1000-012-7-1Letter from James Joyce to Niall Sheridan from the James Joyce Correspondence Collection

Materials related to more contemporary Irish authors and poets have also found a place in our holdings. For example, our department holds the correspondence of Irish poet Richard Murphy (1988.014), who also spent some time at the University of Tulsa as a visiting professor. Murphy’s correspondence includes exchanges with, among others, Ted Hughes, Philip Larkin and Sylvia Plath. Murphy has also graced the University of Tulsa by appearing as a McFarlin Fellows guest speaker. McFarlin Fellows and our department have also welcomed the late Seamus Heaney. Heaney, whose work embodies the spirit of contemporary Irish poetry, was the 1995 Nobel Laureate in Literature. Another contemporary Irish poet of prominence welcomed by our department is Paul Muldoon. A close friend of Heaney’s and a Pulitzer Prize winner in his own right, Muldoon has graced us with his reflections on his relationship with Heaney, as well as readings of his poetry. McFarlin Fellows has also welcomed Mary Robinson, the seventh President of Ireland and former High Commissioner for Human Rights for the United Nations. Robinson was also the recipient of the Presidential Medal of Freedom in 2009.

 Seamus Heaney WorksSome of our Seamus Heaney original editions.

The University of Tulsa’s Department of Special Collections and University Archives is delighted to celebrate the contributions from these prominent Irish men and women.

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English Author Neil Gaiman Visits Special Collections

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English author Neil Gaiman paid a special visit yesterday afternoon to the Department of Special Collections and University Archives at the University of Tulsa. Gaiman is known for his novel American Gods, his Sandman graphic novels, and his children’s book Coraline, among many other literary works. Gaiman was in Tulsa for an event sponsored by the Oklahoma Center for Poets and Writers at OSU-Tulsa, and took this opportunity to visit our department and take a look at an exhibit of our extensive collection of R.A. Lafferty materials. Lafferty, who passed away in 2002, was an Oklahoma science fiction writer. Gaiman credits Lafferty as one of his biggest influences and the reason he wanted to visit Tulsa. Gaiman is quoted as saying:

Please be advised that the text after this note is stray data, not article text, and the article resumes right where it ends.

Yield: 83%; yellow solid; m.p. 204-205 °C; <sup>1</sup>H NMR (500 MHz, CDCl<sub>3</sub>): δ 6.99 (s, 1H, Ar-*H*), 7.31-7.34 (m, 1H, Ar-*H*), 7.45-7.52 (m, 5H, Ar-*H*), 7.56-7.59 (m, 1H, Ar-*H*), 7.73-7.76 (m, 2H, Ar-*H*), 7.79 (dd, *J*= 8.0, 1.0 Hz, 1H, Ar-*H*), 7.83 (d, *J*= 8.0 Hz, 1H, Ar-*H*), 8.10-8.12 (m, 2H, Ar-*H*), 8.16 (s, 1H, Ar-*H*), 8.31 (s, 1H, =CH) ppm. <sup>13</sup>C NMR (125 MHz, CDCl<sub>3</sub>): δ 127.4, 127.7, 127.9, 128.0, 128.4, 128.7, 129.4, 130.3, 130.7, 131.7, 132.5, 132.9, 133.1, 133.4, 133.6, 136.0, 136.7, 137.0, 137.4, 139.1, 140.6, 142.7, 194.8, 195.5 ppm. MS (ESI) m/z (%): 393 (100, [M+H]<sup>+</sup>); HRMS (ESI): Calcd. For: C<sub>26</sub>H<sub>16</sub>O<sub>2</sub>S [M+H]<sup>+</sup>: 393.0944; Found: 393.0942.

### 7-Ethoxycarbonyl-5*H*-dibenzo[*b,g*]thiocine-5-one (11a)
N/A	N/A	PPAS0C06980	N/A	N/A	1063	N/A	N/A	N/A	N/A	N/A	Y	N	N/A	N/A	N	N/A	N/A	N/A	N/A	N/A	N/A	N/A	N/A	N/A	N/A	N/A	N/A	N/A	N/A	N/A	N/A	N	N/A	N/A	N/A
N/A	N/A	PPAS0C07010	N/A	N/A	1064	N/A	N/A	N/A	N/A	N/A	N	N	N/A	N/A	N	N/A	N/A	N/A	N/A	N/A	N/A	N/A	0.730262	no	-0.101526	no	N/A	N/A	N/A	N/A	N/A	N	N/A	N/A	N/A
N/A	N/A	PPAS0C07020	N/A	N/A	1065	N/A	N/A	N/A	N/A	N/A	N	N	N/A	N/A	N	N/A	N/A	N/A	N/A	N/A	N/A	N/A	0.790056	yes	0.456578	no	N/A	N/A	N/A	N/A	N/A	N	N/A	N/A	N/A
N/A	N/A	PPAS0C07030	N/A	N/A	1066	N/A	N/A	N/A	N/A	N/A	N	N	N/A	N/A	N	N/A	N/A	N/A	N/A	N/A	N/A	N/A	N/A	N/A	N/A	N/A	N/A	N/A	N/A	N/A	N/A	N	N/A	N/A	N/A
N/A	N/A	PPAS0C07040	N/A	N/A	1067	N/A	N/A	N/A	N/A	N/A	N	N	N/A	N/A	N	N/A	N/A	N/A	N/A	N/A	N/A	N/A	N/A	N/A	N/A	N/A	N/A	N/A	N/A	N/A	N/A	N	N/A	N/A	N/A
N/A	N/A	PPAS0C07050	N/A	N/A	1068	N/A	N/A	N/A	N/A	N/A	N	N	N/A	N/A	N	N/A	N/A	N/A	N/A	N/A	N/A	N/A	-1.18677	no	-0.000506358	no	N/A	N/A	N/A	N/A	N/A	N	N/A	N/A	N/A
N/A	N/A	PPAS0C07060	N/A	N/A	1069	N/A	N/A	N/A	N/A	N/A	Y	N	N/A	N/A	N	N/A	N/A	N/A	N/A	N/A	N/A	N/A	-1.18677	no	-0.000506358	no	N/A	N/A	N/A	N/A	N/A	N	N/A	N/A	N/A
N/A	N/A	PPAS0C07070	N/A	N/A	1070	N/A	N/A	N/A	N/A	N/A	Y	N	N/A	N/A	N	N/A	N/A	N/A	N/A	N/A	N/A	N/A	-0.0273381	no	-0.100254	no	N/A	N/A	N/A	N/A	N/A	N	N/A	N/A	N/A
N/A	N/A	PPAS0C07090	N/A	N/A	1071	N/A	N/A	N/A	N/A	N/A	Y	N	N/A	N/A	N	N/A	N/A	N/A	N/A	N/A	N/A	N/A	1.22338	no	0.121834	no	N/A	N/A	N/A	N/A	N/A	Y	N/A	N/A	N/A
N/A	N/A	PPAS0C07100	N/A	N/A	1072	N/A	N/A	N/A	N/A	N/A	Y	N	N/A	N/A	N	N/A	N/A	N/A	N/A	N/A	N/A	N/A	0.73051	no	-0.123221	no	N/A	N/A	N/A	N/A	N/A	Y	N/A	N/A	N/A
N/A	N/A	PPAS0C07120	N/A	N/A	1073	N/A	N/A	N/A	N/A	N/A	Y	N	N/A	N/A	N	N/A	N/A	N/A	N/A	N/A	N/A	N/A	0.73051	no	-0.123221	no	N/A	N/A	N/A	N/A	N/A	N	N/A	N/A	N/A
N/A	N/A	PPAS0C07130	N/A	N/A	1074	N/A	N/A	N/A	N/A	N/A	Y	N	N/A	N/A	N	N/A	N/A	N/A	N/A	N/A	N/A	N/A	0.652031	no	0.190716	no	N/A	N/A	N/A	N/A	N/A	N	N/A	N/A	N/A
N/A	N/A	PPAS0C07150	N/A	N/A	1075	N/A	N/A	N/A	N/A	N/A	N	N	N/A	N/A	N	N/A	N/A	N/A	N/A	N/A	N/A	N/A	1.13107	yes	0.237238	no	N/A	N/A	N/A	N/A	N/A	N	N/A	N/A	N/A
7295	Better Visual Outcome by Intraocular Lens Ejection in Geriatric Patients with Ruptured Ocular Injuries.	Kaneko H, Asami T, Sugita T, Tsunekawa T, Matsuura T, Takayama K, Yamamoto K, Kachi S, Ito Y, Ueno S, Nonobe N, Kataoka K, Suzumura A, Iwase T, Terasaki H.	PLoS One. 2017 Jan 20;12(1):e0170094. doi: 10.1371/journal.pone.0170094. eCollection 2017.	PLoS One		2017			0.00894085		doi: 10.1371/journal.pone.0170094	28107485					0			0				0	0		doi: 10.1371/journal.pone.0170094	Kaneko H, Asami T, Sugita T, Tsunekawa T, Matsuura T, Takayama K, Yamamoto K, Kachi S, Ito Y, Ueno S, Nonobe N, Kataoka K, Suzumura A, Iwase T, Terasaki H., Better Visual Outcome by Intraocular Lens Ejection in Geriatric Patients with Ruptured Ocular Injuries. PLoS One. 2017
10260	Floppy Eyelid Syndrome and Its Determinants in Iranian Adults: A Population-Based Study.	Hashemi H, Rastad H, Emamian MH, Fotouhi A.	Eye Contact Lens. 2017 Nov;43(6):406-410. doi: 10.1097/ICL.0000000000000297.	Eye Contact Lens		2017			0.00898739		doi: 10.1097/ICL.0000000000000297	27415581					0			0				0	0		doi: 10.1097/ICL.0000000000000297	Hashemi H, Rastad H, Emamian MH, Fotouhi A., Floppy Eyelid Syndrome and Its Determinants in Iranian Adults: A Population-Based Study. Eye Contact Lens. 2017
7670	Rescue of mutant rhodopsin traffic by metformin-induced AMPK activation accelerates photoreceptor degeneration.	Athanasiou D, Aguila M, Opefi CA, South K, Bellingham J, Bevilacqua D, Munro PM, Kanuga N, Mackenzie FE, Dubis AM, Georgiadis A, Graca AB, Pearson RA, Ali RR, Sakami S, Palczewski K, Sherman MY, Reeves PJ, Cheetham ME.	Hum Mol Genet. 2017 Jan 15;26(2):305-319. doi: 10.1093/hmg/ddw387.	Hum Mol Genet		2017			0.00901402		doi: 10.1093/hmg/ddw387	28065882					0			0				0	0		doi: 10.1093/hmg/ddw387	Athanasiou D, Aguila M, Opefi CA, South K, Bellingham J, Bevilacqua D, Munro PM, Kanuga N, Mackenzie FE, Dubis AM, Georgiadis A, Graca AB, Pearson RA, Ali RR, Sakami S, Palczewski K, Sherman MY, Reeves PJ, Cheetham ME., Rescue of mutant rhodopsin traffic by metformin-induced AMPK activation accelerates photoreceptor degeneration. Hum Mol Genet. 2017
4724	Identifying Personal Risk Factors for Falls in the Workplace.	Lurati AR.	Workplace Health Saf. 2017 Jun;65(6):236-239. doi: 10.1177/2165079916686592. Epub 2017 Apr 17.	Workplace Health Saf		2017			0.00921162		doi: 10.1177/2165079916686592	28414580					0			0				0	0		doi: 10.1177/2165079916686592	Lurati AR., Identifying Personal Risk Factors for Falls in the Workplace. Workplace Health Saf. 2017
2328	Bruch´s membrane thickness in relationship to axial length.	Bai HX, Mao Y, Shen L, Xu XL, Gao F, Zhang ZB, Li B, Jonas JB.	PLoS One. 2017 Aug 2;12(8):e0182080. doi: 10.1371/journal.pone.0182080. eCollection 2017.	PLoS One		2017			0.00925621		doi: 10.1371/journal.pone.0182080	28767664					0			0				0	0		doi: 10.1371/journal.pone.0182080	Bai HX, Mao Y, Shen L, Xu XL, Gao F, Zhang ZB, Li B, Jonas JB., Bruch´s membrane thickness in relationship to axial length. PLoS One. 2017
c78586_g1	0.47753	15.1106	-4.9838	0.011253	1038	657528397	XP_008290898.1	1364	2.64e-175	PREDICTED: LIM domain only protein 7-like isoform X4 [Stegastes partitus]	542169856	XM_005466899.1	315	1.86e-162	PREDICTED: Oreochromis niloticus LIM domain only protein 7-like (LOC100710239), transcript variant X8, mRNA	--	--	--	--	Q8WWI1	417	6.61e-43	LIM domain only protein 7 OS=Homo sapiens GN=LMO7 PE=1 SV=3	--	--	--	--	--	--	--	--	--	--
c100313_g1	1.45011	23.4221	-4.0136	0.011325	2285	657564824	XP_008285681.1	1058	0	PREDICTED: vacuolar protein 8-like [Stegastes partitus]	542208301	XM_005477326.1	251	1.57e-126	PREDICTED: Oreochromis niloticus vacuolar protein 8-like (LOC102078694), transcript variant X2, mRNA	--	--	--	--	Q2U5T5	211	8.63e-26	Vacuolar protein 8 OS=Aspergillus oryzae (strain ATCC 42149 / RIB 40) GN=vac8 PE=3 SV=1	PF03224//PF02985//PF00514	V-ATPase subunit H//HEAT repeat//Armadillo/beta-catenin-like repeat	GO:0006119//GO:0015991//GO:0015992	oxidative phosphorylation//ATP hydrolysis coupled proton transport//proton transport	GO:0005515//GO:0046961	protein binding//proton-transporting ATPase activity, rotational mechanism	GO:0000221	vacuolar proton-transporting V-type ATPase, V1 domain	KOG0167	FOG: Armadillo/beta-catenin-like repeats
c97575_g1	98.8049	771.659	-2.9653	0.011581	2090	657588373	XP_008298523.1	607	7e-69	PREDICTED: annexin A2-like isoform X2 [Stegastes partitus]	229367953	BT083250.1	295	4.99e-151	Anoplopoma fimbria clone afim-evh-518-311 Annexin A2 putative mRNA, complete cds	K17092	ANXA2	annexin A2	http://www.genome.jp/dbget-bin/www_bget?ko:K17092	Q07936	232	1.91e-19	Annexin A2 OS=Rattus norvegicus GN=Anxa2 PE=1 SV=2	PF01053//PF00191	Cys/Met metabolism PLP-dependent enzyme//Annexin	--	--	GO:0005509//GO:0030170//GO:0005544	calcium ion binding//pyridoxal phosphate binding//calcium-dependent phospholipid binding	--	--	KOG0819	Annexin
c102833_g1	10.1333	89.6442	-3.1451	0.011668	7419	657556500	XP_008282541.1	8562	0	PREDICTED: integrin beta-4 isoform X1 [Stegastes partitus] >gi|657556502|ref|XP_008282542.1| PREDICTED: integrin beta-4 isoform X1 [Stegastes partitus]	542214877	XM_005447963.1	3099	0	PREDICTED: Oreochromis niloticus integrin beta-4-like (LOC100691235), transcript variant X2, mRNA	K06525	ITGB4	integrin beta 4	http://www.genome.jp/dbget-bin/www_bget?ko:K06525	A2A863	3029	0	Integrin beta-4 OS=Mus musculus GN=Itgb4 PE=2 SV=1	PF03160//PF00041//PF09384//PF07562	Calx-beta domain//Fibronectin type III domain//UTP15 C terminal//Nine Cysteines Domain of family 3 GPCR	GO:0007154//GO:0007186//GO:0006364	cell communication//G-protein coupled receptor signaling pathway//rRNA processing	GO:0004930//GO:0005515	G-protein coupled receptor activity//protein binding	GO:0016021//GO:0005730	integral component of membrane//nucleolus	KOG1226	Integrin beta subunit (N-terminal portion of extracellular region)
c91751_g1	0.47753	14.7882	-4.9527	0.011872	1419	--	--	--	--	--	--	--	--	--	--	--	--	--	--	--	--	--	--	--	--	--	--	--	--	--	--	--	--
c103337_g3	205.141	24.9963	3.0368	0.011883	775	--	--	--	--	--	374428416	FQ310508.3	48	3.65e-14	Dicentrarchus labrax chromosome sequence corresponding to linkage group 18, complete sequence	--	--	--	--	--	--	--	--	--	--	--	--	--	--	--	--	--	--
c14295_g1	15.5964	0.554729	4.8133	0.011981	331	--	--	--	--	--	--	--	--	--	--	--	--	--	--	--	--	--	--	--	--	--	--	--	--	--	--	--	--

I’ve never been to Oklahoma. I’ve never been to Tulsa. And this is odd, because Tulsa has been, ever since I was about 19, the place in America that reeked of literary magic to me. I had plucked up my courage, and written a fan letter to R. A. Lafferty, from an address I found in the back of a book of authors in my local library. He was my favorite author in the whole world, and, months later (because the letter took a long time to find him) he wrote back. He told me how to become an author, and his advice was very good advice, and so I did. It left me quite certain that the finest literary advice in the world came from Tulsa, Oklahoma, for it did in my case.

Gaiman is a devoted admirer of Lafferty’s work, to the point that he wrote an obituary for the The Washington Post upon Lafferty’s death, expressing that Lafferty was “undoubtedly the finest writer of whatever it was that he did that ever there was. He was a genius, an oddball, a madman.”

The Lafferty materials examined by Gaiman included some of his correspondence, typed manuscript drafts of his published and unpublished works, a number of his photographs, fanzines that included his work, and some of his awards. Among these awards were a Japanese Seiun Award (1994), a Phoenix Award (1971), a Hugo Award (1973), and a World Fantasy Lifetime Achievement Award (1990). Gaiman also perused some foreign editions of Lafferty’s works in Japanese, Dutch, Polish, German, French, Italian, and Spanish.
In addition to the Lafferty materials, Gaiman enjoyed the comic book exhibit on display at the department, which will be up until March 21st. The Special Collections staff was delighted to welcome Neil Gaiman to our facilities.